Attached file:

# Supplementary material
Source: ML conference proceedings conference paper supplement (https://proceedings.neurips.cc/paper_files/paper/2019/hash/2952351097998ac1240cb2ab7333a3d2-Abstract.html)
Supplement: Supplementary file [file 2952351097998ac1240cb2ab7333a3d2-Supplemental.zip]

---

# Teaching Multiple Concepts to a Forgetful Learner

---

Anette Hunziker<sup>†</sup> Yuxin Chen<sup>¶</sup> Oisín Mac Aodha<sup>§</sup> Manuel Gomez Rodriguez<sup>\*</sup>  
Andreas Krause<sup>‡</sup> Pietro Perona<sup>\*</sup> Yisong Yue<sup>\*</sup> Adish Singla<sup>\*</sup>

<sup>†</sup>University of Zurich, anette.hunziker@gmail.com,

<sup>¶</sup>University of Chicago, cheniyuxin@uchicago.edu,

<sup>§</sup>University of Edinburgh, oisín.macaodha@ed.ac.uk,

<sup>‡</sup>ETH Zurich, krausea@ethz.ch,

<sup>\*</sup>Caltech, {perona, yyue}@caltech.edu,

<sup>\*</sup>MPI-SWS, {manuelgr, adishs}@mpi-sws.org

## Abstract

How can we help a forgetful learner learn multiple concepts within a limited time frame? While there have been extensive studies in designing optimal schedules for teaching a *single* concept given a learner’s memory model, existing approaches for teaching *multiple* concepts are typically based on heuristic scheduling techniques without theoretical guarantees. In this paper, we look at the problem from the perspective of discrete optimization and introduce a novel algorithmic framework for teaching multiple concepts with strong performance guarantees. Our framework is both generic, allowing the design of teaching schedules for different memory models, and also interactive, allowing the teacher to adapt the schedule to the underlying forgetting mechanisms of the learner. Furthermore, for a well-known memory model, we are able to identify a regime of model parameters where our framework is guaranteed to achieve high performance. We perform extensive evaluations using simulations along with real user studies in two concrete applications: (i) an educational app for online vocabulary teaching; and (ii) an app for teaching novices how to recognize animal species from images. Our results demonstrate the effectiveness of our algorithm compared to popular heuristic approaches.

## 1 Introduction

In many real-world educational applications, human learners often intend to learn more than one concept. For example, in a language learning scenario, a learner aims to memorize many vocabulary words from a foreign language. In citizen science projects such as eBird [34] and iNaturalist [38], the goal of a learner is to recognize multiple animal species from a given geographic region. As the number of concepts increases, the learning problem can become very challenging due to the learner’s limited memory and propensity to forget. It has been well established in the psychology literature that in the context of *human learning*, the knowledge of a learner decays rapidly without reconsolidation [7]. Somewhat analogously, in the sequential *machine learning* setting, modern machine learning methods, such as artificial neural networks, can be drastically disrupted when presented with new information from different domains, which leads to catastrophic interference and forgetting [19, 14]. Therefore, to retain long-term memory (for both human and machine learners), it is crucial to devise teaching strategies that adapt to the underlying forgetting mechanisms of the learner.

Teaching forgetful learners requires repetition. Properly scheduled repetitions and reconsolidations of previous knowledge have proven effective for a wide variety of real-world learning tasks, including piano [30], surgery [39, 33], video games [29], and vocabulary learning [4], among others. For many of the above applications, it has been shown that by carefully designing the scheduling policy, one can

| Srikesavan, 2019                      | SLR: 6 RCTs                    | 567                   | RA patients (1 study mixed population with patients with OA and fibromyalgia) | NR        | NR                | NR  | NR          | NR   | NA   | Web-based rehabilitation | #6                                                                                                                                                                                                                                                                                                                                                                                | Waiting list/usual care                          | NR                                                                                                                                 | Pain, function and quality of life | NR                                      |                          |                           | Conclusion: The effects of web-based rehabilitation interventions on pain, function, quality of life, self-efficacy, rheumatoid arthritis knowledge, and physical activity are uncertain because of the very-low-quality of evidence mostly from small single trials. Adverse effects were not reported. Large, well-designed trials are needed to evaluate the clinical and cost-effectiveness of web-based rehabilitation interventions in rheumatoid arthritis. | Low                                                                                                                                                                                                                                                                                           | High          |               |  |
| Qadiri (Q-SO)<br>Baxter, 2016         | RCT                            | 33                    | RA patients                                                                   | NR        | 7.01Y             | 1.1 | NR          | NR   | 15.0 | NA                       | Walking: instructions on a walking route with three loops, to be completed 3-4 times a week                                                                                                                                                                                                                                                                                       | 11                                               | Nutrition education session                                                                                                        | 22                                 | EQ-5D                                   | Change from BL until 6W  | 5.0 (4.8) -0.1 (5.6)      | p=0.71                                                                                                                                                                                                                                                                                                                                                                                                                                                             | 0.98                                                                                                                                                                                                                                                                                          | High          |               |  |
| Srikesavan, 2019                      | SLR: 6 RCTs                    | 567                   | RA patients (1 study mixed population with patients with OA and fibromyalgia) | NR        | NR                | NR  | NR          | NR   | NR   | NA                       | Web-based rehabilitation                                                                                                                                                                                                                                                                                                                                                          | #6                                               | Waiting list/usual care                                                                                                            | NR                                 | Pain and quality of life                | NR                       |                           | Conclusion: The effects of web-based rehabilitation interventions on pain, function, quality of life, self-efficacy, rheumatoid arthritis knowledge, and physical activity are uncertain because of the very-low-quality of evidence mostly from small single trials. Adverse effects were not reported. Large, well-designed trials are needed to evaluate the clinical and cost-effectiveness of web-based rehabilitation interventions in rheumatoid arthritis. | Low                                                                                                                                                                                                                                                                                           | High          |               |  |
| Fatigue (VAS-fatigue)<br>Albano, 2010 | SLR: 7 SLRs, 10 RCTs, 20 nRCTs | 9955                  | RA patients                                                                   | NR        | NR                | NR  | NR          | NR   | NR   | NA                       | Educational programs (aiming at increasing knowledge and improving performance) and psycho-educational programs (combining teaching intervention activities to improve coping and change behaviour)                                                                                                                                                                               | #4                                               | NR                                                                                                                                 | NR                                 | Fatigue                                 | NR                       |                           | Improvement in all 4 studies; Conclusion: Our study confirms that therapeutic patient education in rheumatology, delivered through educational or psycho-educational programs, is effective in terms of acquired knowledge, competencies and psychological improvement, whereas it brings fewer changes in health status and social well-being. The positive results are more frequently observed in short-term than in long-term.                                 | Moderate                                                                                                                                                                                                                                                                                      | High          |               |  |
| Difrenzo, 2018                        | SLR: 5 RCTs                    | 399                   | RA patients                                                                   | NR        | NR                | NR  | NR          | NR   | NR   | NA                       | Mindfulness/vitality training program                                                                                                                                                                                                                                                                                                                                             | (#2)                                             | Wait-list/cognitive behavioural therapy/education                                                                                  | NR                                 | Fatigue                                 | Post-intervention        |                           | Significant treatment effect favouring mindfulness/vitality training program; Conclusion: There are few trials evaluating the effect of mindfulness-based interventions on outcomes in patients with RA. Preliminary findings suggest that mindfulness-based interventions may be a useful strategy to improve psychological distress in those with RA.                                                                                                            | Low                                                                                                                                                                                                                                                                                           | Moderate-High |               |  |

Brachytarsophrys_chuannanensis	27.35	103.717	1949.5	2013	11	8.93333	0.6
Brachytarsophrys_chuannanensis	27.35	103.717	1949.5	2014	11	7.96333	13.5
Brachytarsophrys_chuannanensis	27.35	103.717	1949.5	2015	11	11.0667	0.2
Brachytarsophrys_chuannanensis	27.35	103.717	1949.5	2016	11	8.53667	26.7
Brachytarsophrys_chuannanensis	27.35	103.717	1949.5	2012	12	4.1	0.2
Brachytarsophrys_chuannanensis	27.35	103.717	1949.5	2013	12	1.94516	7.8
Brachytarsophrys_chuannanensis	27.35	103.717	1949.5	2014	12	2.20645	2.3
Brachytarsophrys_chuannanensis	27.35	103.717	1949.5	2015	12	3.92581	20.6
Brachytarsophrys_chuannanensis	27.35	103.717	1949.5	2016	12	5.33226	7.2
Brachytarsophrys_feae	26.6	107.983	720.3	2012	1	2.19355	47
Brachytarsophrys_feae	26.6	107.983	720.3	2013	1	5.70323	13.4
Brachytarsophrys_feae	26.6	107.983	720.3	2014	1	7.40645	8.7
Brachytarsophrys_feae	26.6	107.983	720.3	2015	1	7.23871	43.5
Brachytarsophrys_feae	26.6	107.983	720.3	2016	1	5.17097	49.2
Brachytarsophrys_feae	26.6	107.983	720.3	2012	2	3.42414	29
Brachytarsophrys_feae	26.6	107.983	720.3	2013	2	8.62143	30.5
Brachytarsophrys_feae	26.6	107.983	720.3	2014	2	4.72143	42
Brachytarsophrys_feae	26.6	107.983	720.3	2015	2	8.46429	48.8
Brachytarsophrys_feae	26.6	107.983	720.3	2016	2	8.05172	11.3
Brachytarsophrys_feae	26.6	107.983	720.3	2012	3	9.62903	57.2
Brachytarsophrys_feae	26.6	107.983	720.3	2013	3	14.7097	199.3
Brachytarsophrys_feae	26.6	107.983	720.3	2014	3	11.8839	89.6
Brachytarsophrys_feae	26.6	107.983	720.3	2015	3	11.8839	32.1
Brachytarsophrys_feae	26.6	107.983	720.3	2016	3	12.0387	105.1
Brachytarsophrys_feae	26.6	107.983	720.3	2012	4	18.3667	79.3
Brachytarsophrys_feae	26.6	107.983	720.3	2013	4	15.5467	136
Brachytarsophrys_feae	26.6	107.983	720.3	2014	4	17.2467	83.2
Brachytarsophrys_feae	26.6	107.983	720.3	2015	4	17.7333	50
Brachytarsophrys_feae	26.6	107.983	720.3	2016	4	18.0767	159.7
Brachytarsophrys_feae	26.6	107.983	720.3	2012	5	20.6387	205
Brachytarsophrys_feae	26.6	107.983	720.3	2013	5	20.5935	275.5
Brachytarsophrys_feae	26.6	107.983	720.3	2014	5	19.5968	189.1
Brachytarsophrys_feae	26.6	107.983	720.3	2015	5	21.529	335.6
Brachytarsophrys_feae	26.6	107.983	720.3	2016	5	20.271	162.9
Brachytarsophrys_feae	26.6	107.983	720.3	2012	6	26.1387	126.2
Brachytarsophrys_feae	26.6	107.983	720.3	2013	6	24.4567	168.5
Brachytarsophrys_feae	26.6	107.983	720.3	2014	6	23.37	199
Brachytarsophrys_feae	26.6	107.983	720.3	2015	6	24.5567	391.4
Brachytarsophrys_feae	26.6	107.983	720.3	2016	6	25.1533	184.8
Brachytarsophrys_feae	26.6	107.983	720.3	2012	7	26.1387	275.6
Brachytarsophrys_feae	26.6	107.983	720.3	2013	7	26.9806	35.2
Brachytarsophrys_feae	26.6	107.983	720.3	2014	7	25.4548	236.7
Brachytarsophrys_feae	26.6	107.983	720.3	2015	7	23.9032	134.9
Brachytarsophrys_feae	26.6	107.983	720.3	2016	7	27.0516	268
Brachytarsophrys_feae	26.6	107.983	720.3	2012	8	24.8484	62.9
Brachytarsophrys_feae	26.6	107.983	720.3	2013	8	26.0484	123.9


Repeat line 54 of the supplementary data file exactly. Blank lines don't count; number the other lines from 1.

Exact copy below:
Brachytarsophrys_feae	26.6	107.983	720.3	2012	5	20.6387	205